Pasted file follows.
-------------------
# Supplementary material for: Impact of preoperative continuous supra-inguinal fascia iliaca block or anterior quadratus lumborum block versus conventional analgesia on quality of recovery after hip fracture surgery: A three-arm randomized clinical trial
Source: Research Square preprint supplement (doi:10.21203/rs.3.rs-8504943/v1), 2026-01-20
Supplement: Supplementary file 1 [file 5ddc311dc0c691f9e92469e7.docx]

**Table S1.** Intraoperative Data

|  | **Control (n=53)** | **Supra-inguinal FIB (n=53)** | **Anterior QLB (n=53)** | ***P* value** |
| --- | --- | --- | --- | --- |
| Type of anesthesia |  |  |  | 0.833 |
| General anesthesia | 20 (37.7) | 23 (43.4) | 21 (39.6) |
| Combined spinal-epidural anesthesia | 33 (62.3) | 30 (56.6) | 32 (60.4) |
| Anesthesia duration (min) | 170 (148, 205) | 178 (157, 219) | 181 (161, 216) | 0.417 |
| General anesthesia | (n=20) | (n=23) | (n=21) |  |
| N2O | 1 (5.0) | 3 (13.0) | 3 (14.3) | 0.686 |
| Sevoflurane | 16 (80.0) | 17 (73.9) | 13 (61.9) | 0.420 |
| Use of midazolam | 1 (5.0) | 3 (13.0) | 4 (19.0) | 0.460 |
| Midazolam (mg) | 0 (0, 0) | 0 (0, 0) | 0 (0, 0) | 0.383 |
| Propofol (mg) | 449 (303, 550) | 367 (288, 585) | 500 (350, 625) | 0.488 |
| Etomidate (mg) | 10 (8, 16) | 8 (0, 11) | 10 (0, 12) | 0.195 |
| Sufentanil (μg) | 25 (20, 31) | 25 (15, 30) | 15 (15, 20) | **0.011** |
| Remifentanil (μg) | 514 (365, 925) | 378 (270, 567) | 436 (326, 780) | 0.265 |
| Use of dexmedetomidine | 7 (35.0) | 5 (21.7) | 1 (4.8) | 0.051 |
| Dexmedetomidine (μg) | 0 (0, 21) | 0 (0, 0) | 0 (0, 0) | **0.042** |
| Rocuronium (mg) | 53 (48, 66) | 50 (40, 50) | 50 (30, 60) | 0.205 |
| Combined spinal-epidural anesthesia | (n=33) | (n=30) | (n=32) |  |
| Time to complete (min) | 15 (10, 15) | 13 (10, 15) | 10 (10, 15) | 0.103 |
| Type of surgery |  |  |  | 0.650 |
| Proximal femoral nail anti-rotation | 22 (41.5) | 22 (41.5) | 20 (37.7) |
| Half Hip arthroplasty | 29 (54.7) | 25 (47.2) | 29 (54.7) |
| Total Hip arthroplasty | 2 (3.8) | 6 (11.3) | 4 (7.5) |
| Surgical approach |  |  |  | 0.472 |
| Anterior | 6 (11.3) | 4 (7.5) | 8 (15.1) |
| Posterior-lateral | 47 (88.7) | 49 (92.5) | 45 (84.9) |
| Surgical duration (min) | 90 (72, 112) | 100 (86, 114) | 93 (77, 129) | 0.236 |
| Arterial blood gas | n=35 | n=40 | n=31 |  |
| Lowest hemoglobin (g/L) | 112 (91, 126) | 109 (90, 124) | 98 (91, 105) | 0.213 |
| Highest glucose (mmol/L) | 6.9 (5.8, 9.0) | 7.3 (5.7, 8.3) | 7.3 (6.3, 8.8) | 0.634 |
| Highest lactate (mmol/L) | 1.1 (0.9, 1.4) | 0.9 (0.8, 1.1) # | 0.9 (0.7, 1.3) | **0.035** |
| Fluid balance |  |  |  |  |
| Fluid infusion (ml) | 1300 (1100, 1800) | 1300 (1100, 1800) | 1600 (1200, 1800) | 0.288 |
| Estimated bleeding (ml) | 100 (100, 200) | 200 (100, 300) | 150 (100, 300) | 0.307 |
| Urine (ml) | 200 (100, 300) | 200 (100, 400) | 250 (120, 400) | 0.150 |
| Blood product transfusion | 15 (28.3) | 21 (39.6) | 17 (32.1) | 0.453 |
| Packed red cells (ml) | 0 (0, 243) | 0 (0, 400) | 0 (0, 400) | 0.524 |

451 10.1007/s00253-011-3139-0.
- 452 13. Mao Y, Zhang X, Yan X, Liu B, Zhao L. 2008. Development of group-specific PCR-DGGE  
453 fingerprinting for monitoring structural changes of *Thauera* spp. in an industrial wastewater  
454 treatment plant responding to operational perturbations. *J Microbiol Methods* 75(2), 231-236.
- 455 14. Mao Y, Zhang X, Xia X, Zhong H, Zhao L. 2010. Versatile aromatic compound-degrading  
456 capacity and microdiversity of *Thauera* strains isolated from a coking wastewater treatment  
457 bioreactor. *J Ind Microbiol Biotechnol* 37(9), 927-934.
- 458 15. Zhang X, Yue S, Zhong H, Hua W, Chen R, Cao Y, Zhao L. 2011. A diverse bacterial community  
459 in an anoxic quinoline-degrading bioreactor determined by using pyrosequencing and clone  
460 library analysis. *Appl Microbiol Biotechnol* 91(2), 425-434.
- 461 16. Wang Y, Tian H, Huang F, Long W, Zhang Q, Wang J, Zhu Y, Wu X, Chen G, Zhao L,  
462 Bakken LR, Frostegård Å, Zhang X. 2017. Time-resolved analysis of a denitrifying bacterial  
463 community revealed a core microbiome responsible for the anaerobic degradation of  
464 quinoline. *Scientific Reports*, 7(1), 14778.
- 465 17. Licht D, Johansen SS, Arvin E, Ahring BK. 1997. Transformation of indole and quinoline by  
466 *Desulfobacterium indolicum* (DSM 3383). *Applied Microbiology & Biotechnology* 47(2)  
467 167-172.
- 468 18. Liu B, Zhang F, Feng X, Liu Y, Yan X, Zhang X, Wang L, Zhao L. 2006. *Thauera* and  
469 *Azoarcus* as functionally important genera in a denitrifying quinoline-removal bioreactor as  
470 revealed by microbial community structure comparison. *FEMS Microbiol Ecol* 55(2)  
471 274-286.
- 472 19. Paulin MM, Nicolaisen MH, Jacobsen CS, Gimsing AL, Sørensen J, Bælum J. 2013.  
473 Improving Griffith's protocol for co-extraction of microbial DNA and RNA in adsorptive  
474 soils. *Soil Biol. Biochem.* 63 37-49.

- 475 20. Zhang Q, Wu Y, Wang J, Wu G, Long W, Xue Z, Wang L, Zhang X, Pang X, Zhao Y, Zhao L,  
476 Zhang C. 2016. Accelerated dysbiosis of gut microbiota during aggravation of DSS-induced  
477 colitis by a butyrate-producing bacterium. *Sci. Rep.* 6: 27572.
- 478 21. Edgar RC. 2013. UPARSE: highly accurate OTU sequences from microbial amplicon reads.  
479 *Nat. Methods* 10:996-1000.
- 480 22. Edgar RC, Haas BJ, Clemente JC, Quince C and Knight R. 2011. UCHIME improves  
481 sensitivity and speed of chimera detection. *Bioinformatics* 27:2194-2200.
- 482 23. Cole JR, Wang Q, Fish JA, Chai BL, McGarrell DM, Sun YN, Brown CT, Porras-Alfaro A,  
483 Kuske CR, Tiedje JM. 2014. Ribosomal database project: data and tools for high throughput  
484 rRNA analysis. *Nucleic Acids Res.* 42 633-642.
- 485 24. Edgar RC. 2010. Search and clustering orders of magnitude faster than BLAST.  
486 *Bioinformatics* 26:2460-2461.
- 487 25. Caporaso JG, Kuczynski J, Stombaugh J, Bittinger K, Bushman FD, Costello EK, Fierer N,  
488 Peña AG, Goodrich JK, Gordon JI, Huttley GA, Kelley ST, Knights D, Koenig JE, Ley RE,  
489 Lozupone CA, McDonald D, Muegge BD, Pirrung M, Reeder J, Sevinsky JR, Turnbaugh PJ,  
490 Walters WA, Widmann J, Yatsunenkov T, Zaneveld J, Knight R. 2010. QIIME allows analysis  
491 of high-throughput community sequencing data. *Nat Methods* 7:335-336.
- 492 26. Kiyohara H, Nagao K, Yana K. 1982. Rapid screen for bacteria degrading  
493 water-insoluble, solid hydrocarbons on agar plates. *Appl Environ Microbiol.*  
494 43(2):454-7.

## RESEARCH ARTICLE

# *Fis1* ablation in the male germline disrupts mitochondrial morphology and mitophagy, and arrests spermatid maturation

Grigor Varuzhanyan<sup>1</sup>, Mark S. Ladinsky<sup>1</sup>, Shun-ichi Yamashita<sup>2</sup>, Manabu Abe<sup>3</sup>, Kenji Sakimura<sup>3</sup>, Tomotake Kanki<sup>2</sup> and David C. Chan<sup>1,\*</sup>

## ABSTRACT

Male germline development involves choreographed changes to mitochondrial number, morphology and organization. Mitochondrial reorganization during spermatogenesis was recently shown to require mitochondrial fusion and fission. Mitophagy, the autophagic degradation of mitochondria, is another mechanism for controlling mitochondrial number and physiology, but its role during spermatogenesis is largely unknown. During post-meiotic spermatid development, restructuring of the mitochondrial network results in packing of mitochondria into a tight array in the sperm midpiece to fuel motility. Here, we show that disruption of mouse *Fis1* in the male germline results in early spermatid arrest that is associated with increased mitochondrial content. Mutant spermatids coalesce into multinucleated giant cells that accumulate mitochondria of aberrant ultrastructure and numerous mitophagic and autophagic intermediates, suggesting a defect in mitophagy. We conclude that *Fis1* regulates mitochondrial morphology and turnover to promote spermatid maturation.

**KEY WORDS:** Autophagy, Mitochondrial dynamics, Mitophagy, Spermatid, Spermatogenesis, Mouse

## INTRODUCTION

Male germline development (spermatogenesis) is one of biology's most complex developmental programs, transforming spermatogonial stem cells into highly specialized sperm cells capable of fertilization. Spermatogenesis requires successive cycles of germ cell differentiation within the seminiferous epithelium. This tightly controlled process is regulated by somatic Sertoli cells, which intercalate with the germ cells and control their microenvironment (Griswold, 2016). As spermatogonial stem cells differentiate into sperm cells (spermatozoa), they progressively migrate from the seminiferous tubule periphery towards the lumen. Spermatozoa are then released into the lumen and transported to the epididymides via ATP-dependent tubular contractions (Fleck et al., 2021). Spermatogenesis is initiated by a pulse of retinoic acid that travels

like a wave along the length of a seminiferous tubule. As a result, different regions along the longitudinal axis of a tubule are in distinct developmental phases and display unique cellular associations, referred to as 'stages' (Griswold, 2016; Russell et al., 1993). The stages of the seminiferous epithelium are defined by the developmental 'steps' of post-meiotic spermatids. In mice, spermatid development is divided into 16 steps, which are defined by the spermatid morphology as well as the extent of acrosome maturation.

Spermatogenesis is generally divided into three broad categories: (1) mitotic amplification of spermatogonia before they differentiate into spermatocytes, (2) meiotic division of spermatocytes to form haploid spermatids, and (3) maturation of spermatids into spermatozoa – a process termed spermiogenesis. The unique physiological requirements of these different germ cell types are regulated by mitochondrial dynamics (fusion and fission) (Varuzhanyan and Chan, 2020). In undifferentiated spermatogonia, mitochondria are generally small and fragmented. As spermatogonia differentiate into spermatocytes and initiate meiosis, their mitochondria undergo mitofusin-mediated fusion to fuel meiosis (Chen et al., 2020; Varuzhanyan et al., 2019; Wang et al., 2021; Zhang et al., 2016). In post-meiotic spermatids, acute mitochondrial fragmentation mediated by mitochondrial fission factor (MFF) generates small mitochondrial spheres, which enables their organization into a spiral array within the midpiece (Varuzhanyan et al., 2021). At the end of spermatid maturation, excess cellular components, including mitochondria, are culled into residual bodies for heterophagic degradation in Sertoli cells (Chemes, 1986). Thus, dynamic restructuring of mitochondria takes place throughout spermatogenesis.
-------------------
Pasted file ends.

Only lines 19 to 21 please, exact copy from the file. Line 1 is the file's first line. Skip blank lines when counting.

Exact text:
| Remifentanil (μg) | 514 (365, 925) | 378 (270, 567) | 436 (326, 780) | 0.265 |
| Use of dexmedetomidine | 7 (35.0) | 5 (21.7) | 1 (4.8) | 0.051 |
| Dexmedetomidine (μg) | 0 (0, 21) | 0 (0, 0) | 0 (0, 0) | **0.042** |